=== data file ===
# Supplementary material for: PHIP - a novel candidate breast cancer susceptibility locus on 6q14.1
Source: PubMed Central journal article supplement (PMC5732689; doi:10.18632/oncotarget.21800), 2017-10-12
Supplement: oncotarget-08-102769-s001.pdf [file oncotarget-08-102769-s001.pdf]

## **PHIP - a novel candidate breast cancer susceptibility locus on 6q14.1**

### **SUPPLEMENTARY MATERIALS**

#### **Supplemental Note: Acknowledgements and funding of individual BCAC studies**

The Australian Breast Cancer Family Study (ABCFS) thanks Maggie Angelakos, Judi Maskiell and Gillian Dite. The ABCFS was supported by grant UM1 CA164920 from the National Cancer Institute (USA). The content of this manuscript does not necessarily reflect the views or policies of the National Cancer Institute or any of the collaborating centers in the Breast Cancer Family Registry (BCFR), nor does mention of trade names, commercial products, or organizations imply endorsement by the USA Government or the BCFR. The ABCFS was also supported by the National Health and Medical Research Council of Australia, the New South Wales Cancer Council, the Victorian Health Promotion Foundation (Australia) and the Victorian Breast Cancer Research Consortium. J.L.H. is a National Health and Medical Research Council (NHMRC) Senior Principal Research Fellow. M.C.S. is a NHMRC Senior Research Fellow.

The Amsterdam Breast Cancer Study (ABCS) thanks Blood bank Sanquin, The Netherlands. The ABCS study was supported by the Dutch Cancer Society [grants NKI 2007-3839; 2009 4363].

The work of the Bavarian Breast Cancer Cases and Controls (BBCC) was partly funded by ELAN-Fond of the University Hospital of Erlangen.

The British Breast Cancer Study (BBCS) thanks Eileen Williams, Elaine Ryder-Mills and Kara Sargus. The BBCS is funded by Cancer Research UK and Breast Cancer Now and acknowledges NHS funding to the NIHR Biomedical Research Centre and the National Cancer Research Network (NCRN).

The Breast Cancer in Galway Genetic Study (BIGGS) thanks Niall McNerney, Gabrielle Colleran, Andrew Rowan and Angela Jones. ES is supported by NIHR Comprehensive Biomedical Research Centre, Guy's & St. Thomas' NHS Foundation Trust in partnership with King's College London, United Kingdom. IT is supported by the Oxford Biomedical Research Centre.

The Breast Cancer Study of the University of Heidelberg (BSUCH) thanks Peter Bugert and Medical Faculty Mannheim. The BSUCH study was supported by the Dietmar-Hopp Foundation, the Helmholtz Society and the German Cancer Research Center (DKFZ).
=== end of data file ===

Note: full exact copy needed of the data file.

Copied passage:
# Supplementary material for: PHIP - a novel candidate breast cancer susceptibility locus on 6q14.1
Source: PubMed Central journal article supplement (PMC5732689; doi:10.18632/oncotarget.21800), 2017-10-12
Supplement: oncotarget-08-102769-s001.pdf [file oncotarget-08-102769-s001.pdf]

## **PHIP - a novel candidate breast cancer susceptibility locus on 6q14.1**

### **SUPPLEMENTARY MATERIALS**

#### **Supplemental Note: Acknowledgements and funding of individual BCAC studies**

The Australian Breast Cancer Family Study (ABCFS) thanks Maggie Angelakos, Judi Maskiell and Gillian Dite. The ABCFS was supported by grant UM1 CA164920 from the National Cancer Institute (USA). The content of this manuscript does not necessarily reflect the views or policies of the National Cancer Institute or any of the collaborating centers in the Breast Cancer Family Registry (BCFR), nor does mention of trade names, commercial products, or organizations imply endorsement by the USA Government or the BCFR. The ABCFS was also supported by the National Health and Medical Research Council of Australia, the New South Wales Cancer Council, the Victorian Health Promotion Foundation (Australia) and the Victorian Breast Cancer Research Consortium. J.L.H. is a National Health and Medical Research Council (NHMRC) Senior Principal Research Fellow. M.C.S. is a NHMRC Senior Research Fellow.

The Amsterdam Breast Cancer Study (ABCS) thanks Blood bank Sanquin, The Netherlands. The ABCS study was supported by the Dutch Cancer Society [grants NKI 2007-3839; 2009 4363].

The work of the Bavarian Breast Cancer Cases and Controls (BBCC) was partly funded by ELAN-Fond of the University Hospital of Erlangen.

The British Breast Cancer Study (BBCS) thanks Eileen Williams, Elaine Ryder-Mills and Kara Sargus. The BBCS is funded by Cancer Research UK and Breast Cancer Now and acknowledges NHS funding to the NIHR Biomedical Research Centre and the National Cancer Research Network (NCRN).

The Breast Cancer in Galway Genetic Study (BIGGS) thanks Niall McNerney, Gabrielle Colleran, Andrew Rowan and Angela Jones. ES is supported by NIHR Comprehensive Biomedical Research Centre, Guy's & St. Thomas' NHS Foundation Trust in partnership with King's College London, United Kingdom. IT is supported by the Oxford Biomedical Research Centre.

The Breast Cancer Study of the University of Heidelberg (BSUCH) thanks Peter Bugert and Medical Faculty Mannheim. The BSUCH study was supported by the Dietmar-Hopp Foundation, the Helmholtz Society and the German Cancer Research Center (DKFZ).